Minnesota Democratic Rep. Ilhan Omar unexpectedly praised President Trump's handling of the coronavirus pandemic on Wednesday night, saying it was "incredible and the right response in this critical time."
Omar, normally a staunch critic of the White House who herself has repeatedly drawn the president's ire, went on to quote Rep. Ayanna Pressley, D-Mass., as saying "unprecedented times require unprecedented leadership" -- and, Omar added, "we are seeing that in our country right now."
"Finally, we should never let politics get in the way of good policy," Omar concluded. "This is a great start and hope others will be part of a united front to push for good policies that will help us work through the economic anxiety the country is feeling right now."
Omar was responding to a post by The Intercept's Lee Fang, who noted: "Trump suspending mortgage foreclosures, demanding cash payments to Americans, now invoking the Defense Production Act to force private firms to produce needed supplies is incredible. Kind of a shell shock for anyone who reported on any economic policies in the Obama years."
Her praise for the president was matched this week by other Democrats and left-of-center commentators. New York Gov. Andrew Cuomo, on Tuesday, told reporters, “His team is on it. They’ve been responsive. ... I want to say thank you.” And, CNN's Dana Bash asserted that Trump's new tone on the coronavirus made him the "kind of leader that people need."
On Wednesday, Trump invoked rarely used emergency powers to marshal critical medical supplies against the coronavirus pandemic. Trump tapped his authority under the 70-year-old Defense Production Act to give the government more power to steer production by private companies and try to overcome shortages in masks, ventilators and other supplies.
Describing himself as a “wartime president” fighting an invisible enemy, the president also signed an aid package — which the Senate approved earlier Wednesday — that will guarantee sick leave to workers who fall ill.
The Canada-U.S. border, the world's longest, was effectively closed, save for commerce and essential travel, while the administration pushed its plan to send relief checks to millions of Americans.
Trump said he will expand the nation's diagnostic testing capacity and deploy a Navy hospital ship to New York City, which is rapidly becoming an epicenter of the pandemic, and another such ship to the West Coast. And the Housing and Urban Development Department will suspend foreclosures and evictions through April to help the growing number of Americans who face losing jobs and missing rent and mortgage payments.
But as Trump laid out efforts to help the economy, markets plummeted. As reporters quizzed the White House as to whether the term "Chinese virus" is racist, or whether an unnamed White House staffer actually used the term "Kung Flu," gone were thousands of jobs and nearly all the gains that the Dow Jones Industrial Average had made since Trump took office.
The administration announcements came on a fast-moving day of developments across the capital, its empty streets standing in contrast to the whirlwind of activity inside the grand spaces of the White House and the Capitol.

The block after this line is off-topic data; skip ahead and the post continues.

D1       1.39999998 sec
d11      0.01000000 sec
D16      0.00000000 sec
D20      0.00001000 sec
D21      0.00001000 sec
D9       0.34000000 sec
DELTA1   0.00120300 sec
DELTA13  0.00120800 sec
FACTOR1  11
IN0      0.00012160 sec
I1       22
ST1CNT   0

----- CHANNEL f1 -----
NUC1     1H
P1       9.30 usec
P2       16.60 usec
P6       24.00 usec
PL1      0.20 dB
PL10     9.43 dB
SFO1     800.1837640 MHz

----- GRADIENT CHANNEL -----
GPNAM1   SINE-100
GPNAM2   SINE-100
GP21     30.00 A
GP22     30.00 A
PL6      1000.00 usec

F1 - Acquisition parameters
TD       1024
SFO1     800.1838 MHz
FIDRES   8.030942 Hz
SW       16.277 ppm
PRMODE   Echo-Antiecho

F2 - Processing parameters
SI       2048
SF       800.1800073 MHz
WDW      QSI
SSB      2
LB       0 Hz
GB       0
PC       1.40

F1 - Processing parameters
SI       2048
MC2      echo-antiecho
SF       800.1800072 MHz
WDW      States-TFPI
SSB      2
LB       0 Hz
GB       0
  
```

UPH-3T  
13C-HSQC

The Senate overwhelmingly passed a second coronavirus response bill, which Trump signed Wednesday night. The vote was a lopsided 90-8 despite worries by many Republicans about a temporary new employer mandate to provide sick leave to workers who get COVID-19. The measure is also aimed at making tests for the virus-free.
Meanwhile, the administration pushed forward its broad economic rescue plan, which proposes $500 billion in checks to millions of Americans, with the first checks to come April 6 if Congress approves.
The White House urged hospitals to cancel all elective surgeries to reduce the risk of being overwhelmed by cases. The president was pressed on why a number of celebrities, like professional basketball players, seemed to have easier access to diagnostic tests than ordinary citizens.
“Perhaps that's the story of life," Trump said. "I've heard that happens on occasion.”
Trump dismissed a suggestion from his own treasury secretary, Steven Mnuchin, that the nation could face 20 percent unemployment at least in the short term.
That's an "absolute total worst case scenario," Trump said. “We're no way near it."
The government has told Americans to avoid groups of more than 10 people and the elderly to stay home while a pointed reminder was given to millennials to follow the guidelines and avoid social gatherings. Trump likened the effort to the measures taken during World War II and said it would require national “sacrifice."
“It's a war," he said. "I view it as a, in a sense, a wartime president. It's a very tough situation.”
The White House has had several coronavirus-related health scares, with the president himself exposed to at least three people who later tested positive. Republican National Committee chairwoman Ronna McDaniel said Wednesday that she had tested negative for the virus. McDaniel, who met last week with the president and Senate Republicans, had previously been exposed to someone who tested positive.
Fox News' Chad Pergram and The Associated Press contributed to this report.